The town of Darling, roughly 75 kilometres north of Cape Town on the West Coast, is named after Sir Charles Henry Darling, Lieutenant Governor in the Cape during the mid-19th century. Founded in 1853, Darling and its surrounds are primarily a farming area, well known for wine, wheat and dairy cattle but also its fabulous spring wild flowers, which annually attract hordes of visitors.

Under the Wine of Origin Scheme, Darling is classified a District, a demarcation recognised in July 2003 when it was separated from the Swartland. Long before that, in February 1978, Groenekloof was delimited a Ward within Swartland, but now this smaller area is contained within Darling. Many of the vineyards within both District and Ward lie within a few kilometres of and are influenced by the Atlantic Ocean.

Neil Ellis recognised Groenekloof’s potential for cool climate wines in the 1990s, releasing his maiden Groenekloof Sauvignon Blanc in 1993. It is still recognised as a cool-climate benchmark. Neil’s son, Warren, who’s taken over as winemaker, acknowledges Groenekloof’s unique character is its proximity to the ocean. ‘The Atlantic Ocean is at its coldest during summer and warmer over winter,’ Warren explains. ‘Summer days in Darling and Groenekloof may be warm, but by evening the Atlantic helps to cool down the area; I’ve measured temperatures dropping as low as 10C in February.’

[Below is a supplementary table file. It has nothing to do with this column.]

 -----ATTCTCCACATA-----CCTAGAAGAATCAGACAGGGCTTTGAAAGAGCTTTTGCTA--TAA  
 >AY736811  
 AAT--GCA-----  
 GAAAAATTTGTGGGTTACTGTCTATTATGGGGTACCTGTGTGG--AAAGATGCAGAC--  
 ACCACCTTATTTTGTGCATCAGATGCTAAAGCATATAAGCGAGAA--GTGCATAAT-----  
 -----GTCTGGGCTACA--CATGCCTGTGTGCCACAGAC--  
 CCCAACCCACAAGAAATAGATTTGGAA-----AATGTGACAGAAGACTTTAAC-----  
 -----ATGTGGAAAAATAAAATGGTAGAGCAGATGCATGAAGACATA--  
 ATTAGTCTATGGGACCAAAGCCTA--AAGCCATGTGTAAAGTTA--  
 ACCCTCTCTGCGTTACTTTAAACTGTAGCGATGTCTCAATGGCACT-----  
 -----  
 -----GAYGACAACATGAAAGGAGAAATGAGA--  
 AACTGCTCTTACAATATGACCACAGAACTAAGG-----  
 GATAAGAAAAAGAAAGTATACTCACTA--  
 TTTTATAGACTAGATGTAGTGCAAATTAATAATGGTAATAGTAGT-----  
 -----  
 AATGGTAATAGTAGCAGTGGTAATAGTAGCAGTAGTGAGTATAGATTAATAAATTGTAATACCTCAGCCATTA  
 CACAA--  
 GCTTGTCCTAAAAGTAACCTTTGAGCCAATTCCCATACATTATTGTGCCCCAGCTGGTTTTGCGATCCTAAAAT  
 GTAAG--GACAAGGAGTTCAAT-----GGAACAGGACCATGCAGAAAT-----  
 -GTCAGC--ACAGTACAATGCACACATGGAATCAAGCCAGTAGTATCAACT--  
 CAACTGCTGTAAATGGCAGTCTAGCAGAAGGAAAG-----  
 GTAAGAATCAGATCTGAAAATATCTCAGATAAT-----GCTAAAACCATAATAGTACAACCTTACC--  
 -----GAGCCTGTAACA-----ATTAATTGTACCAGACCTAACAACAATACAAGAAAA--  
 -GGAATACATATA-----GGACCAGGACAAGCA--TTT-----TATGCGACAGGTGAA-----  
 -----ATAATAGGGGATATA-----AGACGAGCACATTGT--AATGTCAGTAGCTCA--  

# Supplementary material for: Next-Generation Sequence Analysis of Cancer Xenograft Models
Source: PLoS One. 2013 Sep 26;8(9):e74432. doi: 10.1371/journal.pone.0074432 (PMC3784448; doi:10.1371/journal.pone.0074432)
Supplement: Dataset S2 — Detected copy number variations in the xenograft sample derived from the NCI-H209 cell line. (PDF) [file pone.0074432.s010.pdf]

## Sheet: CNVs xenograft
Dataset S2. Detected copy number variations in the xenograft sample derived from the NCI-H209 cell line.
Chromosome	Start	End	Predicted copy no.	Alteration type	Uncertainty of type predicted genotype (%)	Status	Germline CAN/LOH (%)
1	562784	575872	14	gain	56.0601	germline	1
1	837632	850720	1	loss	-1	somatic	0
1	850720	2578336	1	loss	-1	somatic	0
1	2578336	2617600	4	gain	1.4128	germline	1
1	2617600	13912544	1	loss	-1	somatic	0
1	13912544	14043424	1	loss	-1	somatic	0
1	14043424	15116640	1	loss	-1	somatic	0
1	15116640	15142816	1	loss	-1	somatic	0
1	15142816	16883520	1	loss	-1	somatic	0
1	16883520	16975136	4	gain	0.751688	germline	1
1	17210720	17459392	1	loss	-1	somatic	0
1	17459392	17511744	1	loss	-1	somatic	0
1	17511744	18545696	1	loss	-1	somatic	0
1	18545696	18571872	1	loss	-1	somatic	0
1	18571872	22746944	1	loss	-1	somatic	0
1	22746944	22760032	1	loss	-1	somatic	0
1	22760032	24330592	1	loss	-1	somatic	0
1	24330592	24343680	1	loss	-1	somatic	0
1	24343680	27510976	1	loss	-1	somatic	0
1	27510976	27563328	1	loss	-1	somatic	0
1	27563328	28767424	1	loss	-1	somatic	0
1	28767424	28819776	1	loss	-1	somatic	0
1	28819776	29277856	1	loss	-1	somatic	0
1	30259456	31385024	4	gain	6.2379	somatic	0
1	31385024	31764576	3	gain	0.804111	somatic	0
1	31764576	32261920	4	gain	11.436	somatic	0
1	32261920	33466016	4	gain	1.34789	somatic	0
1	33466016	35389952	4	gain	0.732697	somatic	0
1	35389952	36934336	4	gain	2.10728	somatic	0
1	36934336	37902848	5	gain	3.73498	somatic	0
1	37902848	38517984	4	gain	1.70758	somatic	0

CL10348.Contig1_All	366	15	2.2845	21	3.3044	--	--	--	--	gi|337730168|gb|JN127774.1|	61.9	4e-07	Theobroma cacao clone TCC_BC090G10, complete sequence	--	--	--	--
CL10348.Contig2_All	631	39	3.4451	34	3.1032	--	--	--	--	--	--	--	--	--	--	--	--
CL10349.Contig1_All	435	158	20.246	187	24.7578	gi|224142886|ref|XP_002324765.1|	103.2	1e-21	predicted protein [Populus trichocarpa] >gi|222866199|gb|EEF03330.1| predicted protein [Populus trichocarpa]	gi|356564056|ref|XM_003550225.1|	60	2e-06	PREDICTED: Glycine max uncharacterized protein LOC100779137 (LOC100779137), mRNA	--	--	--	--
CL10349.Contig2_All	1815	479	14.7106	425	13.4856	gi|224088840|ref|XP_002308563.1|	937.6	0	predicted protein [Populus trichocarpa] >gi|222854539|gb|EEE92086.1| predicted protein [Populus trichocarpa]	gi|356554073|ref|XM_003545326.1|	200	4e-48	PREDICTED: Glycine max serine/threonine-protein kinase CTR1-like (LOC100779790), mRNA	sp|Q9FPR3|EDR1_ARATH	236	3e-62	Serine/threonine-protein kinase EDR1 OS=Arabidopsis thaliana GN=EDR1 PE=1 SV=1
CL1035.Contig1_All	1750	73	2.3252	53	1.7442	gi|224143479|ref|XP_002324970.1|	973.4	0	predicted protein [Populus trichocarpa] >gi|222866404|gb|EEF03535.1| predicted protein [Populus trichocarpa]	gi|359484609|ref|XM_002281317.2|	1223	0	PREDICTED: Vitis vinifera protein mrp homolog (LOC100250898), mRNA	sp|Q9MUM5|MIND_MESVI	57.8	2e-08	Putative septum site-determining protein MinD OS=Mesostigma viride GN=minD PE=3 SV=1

Warren adds that in some very cool years, Groenekloof fruit easily develops pyrazines. This can pose a problem with shade in their bush vines, which requires diligent work to keep the canopy open, so the sunlight can penetrate and the grapes achieve full ripeness.

Sauvignon isn’t the only variety Neil Ellis Wines produces from Groenekloof; there’s also a cinsault and syrah. Warren believes the area is better suited to Rhône varieties; this will be their future focus in Groenekloof.

Groote Post, the Pentz family farm just south of Darling and close to the Atlantic, is also celebrated for its sauvignon blanc, two in fact. The more recent is Sea Salter, part barrel fermented and aptly named with its saline edge; the other, is a regular, unwooded version.

Peter Pentz ascribes Darling’s distinctive sauvignon to the Darling Hills, ‘Their altitude and the cooling influence of the Atlantic Ocean, a mere five kilometres as the crow flies from us; this provides moderate daytime temperatures and cooler evenings, resulting in longer hang times and optimal physiological ripeness.’ The soil also plays an important role influencing the natural saline taste and minerality.

Chardonnay, merlot, shiraz and cinsault are also grown and perform well on Groote Post and the area, but Peter, like Warren Ellis, believes Rhône varieties like grenache and mourvèdre have good potential. ‘Climate change will impact on what planted, with water become scarce, varieties with low water dependency will be front of mind.’

- Blog by Angela Lloyd